Jamie Okuma photographed with some of her beaded fashion items at a craft fair earlier this year.

Jamie Okuma Wins Third Best of Show Award at Santa Fe Indian Market

Lee Allen

On Friday, Jamie Okuma won her third Best of Show award from the Santa Fe Indian Market for quillwork doll, a turn-of-the-century Lakota woman cradling her baby. Okuma won her first Best of Show award in 2000, at the age of 22 (she was and remains the youngest artist ever to win the honor), and a second in 2002. Okuma has also been selected best of show twice by SWAIA.

“I consider myself a contemporary artist,” she said, according to the Albuquerque Journal. “I don’t think I can be a contemporary Native American without a very strong traditional background. It’s so exciting to win with one of the most traditional pieces I’ve ever done.” Okuma, who is Luiseno and Shoshone-Bannock, said that she created the Lakota piece because “They are, in my opinion, the best quill workers.”

Okuma is a virtuoso with a variety of materials, and got her start in beadwork — a natural occurrence when your mother happens to be Sandra Okuma, a successful beadworker and painter. “I was five years old, playing with a box of mom’s beads on the floor, when she encouraged me to have at it and make something, like my own dance regalia,” Jamie told ICTMN earlier this year. Still in her possession is her first beaded piece, a tiny rosette.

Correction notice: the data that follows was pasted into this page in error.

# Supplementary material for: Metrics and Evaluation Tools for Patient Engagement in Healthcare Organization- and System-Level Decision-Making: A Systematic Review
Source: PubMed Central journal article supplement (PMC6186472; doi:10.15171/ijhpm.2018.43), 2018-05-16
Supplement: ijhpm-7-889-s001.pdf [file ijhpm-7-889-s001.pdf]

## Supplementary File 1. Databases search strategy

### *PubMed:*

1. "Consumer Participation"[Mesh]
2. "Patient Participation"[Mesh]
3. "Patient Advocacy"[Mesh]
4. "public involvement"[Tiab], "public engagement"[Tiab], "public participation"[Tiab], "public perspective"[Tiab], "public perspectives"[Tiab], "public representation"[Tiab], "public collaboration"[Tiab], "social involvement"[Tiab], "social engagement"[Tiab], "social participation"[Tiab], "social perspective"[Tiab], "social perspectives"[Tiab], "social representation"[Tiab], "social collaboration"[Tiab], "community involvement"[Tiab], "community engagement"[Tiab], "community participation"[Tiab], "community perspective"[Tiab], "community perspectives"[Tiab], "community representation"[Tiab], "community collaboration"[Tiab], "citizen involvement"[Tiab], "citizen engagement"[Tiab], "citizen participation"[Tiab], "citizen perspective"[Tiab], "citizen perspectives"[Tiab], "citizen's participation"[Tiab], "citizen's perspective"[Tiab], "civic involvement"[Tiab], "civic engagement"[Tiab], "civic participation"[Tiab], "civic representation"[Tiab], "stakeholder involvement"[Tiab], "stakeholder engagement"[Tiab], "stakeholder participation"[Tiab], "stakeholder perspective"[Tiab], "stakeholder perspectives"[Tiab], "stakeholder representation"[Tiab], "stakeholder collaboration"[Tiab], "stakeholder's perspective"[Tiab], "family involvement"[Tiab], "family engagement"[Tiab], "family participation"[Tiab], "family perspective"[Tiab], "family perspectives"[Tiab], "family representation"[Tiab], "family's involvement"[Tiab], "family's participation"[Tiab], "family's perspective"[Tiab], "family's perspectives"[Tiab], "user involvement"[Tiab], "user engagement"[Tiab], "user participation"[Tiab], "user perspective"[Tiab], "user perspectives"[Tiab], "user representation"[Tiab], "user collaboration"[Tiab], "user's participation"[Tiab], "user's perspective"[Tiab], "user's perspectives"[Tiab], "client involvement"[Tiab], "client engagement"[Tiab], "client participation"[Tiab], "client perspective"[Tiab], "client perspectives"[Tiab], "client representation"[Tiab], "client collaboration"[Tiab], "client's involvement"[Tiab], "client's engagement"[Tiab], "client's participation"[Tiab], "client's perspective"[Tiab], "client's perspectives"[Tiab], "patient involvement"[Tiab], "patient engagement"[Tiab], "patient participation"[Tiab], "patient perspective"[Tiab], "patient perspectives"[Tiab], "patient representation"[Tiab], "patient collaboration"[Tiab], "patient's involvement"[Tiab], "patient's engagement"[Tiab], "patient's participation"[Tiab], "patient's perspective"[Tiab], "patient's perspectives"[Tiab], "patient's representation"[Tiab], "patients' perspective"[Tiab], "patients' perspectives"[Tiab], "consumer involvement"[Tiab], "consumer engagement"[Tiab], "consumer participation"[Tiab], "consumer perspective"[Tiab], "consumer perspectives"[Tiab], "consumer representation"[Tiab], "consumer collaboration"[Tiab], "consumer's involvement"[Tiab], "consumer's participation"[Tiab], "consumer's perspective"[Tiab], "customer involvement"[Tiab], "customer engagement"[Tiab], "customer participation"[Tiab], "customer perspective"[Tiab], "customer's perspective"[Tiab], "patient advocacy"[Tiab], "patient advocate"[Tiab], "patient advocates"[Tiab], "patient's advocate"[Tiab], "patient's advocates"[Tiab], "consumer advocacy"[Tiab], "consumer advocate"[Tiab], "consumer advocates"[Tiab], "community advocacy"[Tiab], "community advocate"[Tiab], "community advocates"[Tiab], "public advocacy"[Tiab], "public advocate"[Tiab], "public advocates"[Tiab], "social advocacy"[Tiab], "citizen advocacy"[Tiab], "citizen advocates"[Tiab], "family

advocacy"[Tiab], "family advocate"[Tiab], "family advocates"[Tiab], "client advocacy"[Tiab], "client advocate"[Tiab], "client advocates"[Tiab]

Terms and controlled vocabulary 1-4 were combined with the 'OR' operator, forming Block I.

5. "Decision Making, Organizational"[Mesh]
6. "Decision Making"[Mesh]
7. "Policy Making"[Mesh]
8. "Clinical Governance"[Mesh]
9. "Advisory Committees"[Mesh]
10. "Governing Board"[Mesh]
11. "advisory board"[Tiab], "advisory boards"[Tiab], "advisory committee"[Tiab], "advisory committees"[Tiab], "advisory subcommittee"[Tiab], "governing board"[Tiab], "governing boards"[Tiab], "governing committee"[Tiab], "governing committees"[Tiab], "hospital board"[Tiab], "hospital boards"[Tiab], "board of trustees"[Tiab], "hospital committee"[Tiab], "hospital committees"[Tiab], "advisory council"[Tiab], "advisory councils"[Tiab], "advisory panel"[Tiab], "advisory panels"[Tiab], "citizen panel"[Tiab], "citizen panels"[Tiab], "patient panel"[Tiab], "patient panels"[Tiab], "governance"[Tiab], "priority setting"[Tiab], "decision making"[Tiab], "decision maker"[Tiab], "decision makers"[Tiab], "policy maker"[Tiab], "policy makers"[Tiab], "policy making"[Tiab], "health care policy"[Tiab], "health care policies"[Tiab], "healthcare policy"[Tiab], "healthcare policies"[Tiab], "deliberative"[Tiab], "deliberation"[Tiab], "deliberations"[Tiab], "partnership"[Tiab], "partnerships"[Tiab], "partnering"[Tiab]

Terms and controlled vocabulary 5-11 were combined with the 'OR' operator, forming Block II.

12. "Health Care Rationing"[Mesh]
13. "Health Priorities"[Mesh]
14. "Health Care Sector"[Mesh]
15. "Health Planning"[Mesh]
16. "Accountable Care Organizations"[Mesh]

Jamie Okuma’s latent talent bloomed in high school art classes, where she made her first miniature jingle dress for a doll figure, and blossomed in studies at the Institute of American Indian Arts. Her soft-sculpture blank faced doll designs became well known for their minute detail, flawless workmanship and historical accuracy — exact replications right down to the last bead. One fashion world critique noted: “A work by Okuma is much more than a traditional craft, but a piece of collectable fine art.”

Yet in a sense, winning this latest award for this work is proof that Jamie Okuma, now in her mid-30s, still has it. That’s because she has recently been branching into other areas creatively. “I had been doing dolls, intensive bead work, and shows for 15 years and had reached my limit in those fields,” she said. “I needed a change and fashion was something I had planned on doing initially before I had such success with my beadwork, so the combination of beadwork familiarity along with a need to be an aspiring fashionista brought me to where I am today with what I call contemporary native fashion.”

Her fashionista calling has yielded several pairs of stylish beaded shoes and hand-painted leather jackets unveiled for the first time at a Heard Museum Indian Fair & Market earlier this year, where they won her a First Place distinction in the textiles category.

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